The first publication of over 150 poems from Burke's final decades
Kenneth Burke continued to write poetry after the 1968 publication of his Collected Poems, but until now the poetry from the last quarter century of his life has remained largely unpublished. Suggesting that the Burke canon is not complete without these works, Julie Whitaker and David Blakesley here assemble the poems that the celebrated critic wrote between 1968 and his death. The collection of more than 150 poems provides new evidence that Burke continued "dancing an attitude" until the end of his life.
In his introduction, Blakesley lays out the relationship between the poems and Burkean theory, including the evolution of both during the writer's last three decades. Although some poems resonate best in light of Burke's more prominent works on rhetoric and literary criticism, Blakesley argues that it would be a disservice to attribute the poetry's value strictly to what it says about Burkean theory. The poems reveal much about the man himself: an accomplished scholar reflecting on the richness of a life fully lived, a husband eloquently struggling with the death of his wife, a voracious thinker looking eagerly to the future.
In her preface, Whitaker explains the principles she employed in sifting through the vast quantity of articles, papers, and letters to uncover Burke's later poems. She also discloses Burke's intent to collect and publish these poems, touches on her personal relationship with him, and offers her observations on the place poetry held in his life and thought.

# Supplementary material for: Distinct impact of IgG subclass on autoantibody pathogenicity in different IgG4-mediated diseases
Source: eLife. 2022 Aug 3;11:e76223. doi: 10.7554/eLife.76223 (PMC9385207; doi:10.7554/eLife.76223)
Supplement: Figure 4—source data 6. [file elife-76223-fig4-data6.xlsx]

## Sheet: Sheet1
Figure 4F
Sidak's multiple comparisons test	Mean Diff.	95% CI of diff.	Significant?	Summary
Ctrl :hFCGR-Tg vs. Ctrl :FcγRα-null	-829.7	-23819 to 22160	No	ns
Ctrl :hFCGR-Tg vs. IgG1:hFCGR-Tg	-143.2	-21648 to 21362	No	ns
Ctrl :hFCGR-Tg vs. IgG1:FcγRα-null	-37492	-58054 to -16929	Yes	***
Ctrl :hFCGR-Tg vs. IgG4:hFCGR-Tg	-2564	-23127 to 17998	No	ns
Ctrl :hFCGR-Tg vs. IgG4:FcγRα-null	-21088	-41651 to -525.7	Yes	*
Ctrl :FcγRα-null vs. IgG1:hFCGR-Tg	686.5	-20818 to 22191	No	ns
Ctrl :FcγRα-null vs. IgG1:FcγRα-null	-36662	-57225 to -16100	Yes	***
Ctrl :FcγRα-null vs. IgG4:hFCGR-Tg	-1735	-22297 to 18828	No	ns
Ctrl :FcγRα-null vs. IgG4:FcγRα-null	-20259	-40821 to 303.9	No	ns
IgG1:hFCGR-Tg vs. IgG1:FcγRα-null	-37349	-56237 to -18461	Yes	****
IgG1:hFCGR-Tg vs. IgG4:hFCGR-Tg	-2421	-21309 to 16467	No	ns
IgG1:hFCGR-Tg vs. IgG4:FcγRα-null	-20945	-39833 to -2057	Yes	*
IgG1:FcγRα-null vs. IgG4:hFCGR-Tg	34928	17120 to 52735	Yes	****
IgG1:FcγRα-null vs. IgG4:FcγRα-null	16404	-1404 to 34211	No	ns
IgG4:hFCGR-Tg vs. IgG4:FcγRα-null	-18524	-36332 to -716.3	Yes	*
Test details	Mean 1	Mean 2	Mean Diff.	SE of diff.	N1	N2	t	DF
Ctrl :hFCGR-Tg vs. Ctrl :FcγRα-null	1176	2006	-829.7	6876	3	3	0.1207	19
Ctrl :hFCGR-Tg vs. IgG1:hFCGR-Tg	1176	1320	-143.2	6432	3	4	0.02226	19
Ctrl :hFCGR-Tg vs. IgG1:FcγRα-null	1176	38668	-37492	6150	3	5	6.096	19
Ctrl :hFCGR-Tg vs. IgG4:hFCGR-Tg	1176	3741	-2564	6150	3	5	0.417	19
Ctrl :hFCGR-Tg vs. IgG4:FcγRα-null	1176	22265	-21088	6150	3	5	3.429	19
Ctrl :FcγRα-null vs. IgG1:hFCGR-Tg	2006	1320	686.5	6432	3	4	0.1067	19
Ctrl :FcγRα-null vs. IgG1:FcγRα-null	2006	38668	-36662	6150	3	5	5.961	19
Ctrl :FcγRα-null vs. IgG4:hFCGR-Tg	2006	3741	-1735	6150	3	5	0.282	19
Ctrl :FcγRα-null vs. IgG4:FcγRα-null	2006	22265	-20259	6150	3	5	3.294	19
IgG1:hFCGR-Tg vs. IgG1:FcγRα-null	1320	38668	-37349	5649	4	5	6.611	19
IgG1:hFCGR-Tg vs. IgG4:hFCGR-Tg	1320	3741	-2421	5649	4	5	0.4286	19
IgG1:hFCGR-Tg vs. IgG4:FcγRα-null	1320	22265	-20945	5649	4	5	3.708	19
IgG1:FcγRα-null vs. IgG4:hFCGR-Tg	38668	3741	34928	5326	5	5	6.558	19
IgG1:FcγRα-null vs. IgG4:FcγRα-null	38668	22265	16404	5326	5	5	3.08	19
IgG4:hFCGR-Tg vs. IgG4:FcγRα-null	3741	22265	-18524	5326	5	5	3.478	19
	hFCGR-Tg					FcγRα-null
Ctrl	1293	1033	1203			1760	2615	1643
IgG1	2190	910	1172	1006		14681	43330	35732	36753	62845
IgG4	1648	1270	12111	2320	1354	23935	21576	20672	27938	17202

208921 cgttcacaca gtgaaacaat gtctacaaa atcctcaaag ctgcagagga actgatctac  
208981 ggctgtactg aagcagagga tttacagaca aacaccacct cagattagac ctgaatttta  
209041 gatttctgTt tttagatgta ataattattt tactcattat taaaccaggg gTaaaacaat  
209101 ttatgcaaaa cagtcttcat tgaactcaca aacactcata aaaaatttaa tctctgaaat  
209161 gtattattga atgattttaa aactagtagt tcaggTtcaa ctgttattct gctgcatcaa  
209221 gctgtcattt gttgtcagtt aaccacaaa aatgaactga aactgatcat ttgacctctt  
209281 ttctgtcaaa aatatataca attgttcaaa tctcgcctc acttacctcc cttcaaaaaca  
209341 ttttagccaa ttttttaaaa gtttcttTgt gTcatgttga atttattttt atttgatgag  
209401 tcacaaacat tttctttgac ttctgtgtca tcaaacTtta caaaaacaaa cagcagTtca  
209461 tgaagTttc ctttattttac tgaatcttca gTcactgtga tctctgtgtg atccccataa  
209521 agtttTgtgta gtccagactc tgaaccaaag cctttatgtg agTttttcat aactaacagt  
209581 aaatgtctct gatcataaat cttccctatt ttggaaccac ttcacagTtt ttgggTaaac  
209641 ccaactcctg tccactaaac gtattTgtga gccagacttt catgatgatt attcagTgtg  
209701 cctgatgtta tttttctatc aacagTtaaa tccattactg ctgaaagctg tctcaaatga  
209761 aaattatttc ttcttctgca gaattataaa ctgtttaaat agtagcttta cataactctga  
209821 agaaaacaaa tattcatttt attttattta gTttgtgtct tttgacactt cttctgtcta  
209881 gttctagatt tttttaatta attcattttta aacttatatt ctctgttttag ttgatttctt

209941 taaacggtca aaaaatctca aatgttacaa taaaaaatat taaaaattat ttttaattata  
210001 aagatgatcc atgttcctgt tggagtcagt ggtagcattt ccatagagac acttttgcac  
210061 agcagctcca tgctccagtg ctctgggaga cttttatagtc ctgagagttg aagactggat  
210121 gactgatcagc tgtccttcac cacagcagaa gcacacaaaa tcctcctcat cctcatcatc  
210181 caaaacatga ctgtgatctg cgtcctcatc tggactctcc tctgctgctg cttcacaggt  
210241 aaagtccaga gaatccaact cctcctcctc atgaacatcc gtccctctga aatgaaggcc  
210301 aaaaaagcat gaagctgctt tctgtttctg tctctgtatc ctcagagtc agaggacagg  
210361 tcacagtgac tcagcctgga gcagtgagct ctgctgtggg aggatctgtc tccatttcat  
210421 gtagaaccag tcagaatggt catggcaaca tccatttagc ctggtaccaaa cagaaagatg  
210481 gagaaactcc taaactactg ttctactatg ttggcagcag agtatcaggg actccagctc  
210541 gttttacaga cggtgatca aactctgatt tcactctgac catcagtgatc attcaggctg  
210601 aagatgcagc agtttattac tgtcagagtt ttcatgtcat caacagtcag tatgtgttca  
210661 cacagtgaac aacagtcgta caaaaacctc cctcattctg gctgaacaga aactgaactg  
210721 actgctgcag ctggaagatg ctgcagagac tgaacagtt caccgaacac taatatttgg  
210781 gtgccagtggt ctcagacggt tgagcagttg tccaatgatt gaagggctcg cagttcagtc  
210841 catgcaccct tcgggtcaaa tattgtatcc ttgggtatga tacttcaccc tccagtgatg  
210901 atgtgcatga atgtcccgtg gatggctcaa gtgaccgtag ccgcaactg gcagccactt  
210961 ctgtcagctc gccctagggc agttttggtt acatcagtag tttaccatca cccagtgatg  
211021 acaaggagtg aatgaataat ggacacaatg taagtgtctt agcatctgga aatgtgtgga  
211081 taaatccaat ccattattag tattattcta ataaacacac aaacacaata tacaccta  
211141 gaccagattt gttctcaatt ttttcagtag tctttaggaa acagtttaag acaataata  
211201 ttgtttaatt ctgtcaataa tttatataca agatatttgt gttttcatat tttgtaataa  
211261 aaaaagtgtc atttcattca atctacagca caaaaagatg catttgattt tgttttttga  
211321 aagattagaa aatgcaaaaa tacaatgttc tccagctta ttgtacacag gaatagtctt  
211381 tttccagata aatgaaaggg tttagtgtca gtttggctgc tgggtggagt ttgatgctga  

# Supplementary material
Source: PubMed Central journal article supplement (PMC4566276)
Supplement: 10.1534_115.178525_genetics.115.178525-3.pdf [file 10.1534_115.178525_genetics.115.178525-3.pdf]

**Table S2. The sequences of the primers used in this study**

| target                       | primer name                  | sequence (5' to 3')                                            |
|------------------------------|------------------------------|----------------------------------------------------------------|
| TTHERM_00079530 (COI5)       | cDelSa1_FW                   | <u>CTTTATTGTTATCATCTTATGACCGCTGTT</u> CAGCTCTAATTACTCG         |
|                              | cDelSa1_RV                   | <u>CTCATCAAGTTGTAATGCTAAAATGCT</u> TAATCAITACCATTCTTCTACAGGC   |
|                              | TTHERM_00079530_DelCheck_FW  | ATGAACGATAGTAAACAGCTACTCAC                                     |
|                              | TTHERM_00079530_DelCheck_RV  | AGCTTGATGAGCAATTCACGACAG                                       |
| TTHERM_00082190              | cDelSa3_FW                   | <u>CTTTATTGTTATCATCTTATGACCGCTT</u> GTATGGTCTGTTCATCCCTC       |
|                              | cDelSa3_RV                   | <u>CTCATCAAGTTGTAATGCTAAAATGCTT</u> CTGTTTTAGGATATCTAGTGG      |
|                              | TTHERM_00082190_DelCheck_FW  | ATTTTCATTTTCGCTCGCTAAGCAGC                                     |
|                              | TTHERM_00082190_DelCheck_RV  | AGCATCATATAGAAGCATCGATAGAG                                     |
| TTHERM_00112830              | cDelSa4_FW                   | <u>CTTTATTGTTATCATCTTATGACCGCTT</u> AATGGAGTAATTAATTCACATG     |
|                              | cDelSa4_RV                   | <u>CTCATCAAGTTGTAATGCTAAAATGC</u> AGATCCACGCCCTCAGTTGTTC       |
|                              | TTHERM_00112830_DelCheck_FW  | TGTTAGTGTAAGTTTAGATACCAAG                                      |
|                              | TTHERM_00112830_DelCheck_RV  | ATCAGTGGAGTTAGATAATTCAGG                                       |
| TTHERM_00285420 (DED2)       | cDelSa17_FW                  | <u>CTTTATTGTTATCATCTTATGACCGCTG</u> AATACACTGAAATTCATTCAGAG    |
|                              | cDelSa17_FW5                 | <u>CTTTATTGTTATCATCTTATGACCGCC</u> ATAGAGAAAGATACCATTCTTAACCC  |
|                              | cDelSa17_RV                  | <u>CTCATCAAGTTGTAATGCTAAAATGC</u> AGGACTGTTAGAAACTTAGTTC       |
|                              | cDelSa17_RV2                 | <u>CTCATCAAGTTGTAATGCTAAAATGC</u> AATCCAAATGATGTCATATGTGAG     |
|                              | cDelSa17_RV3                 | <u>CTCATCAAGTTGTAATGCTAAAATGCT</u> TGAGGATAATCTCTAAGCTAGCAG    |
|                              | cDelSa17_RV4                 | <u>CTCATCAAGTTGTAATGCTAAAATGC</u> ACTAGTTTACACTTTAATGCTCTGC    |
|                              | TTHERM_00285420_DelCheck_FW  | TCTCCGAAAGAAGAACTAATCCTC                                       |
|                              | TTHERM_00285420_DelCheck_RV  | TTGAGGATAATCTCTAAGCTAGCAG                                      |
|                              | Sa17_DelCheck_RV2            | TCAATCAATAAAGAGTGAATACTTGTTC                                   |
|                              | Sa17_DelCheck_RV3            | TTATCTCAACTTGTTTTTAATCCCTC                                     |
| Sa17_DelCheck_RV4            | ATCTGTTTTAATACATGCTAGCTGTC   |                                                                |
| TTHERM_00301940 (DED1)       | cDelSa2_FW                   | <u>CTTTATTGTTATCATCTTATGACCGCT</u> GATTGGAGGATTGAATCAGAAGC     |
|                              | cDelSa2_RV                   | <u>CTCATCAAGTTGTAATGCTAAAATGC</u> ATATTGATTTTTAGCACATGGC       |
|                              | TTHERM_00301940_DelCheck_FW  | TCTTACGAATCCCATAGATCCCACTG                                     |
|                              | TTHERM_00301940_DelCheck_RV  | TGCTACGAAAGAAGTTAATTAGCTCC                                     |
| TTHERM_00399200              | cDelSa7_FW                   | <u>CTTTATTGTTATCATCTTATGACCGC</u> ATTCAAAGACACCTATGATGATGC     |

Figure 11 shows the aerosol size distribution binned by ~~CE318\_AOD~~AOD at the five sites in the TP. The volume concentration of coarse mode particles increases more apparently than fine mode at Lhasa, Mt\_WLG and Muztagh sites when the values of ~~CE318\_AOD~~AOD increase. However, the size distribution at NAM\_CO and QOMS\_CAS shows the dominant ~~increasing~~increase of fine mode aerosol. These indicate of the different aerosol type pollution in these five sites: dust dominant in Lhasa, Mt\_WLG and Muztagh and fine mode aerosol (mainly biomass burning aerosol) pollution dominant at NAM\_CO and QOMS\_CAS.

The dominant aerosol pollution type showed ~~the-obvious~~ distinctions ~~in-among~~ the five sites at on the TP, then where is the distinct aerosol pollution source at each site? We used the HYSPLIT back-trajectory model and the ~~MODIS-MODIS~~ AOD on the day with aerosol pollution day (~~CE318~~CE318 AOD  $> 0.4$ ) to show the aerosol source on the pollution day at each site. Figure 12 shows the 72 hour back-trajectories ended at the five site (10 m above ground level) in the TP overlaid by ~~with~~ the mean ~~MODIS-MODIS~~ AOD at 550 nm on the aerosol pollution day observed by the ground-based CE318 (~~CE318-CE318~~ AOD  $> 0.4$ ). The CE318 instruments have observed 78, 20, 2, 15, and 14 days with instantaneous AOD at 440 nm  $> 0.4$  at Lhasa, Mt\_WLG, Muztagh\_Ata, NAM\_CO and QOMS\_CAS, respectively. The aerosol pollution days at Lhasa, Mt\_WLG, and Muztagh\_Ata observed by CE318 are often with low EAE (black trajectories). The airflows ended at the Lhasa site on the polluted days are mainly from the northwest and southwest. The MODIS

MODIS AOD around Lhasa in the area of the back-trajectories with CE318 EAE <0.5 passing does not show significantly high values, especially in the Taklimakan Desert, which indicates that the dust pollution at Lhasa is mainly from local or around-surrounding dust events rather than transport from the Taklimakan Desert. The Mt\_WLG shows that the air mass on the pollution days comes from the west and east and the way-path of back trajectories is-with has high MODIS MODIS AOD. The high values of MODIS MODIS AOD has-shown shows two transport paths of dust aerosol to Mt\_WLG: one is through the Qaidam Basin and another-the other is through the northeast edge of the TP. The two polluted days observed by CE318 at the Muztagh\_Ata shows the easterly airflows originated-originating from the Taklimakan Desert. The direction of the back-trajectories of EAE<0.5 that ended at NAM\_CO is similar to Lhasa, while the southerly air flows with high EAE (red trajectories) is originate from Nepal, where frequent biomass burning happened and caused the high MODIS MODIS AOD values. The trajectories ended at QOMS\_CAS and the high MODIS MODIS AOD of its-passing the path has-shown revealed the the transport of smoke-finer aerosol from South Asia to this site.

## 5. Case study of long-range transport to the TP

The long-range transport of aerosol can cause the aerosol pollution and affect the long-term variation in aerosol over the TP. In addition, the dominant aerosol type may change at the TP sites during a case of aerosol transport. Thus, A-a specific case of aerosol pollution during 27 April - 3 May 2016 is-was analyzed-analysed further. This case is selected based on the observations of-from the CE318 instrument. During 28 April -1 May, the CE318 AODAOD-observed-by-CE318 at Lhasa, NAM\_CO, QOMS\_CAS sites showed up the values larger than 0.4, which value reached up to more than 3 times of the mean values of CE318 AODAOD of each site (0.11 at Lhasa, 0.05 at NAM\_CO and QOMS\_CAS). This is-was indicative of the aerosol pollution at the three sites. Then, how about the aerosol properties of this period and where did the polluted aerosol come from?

Recognized as one of the most influential critics and rhetoricians of the twentieth century, Kenneth Burke (1897–1993) wrote poetry, short stories, and a novel in addition to more than a dozen books of critical theory.
The daughter-in-law of Kenneth Burke, Julie Whitaker brings firsthand knowledge of the author to the editing of this volume. She teaches literature and writing at the Nightingale-Bamford School in New York.
David Blakesley is an associate professor of English at Purdue University and the author of The Elements of Dramatism and the editor of The Terministic Screen: Rhetorical Perspectives on Film. He is the founder and moderator of the Burke discussion list and the author of Taking Burke On(line): The Kenneth Burke Bibliography and Archival Project.
"No one in history, I'll wager, wrote more words than Kenneth Burke. Some of them, fortunately, were the remarkable poems of his later life—playful, funny words, aphoristic and surprising; death-defying and moving words; intellectually stimulating and occasionally confounding words. Unpretentious, personal, and delightfully idiosyncratic, Late Poems is in some ways like Burke's novel Towards a Better Life: the ironic, poignant lament of a social reformer, the verbal virtuosity of an original "language poet," a revealing window to the man and his work."—Jack Selzer, author of Kenneth Burke in Greenwich Village: Conversing With the Moderns 1915–1931
"Above everything else, Kenneth Burke loved words and he especially loved to tinker with them. He had a very playful mind and was much given to ironic perceptions of the foibles and absurdities of the human condition. In his later years he wrote a great many poems, including verbal concoctions he called Flowerishes, which express this comic side of the many-sided Burke. They remind us that it is a grave mistake to take ourselves too seriously, for too much of the time. They make good, often very entertaining reading."—William H. Rueckert, author of Kenneth Burke and the Drama of Human Relations and Encounters with Kenneth Burke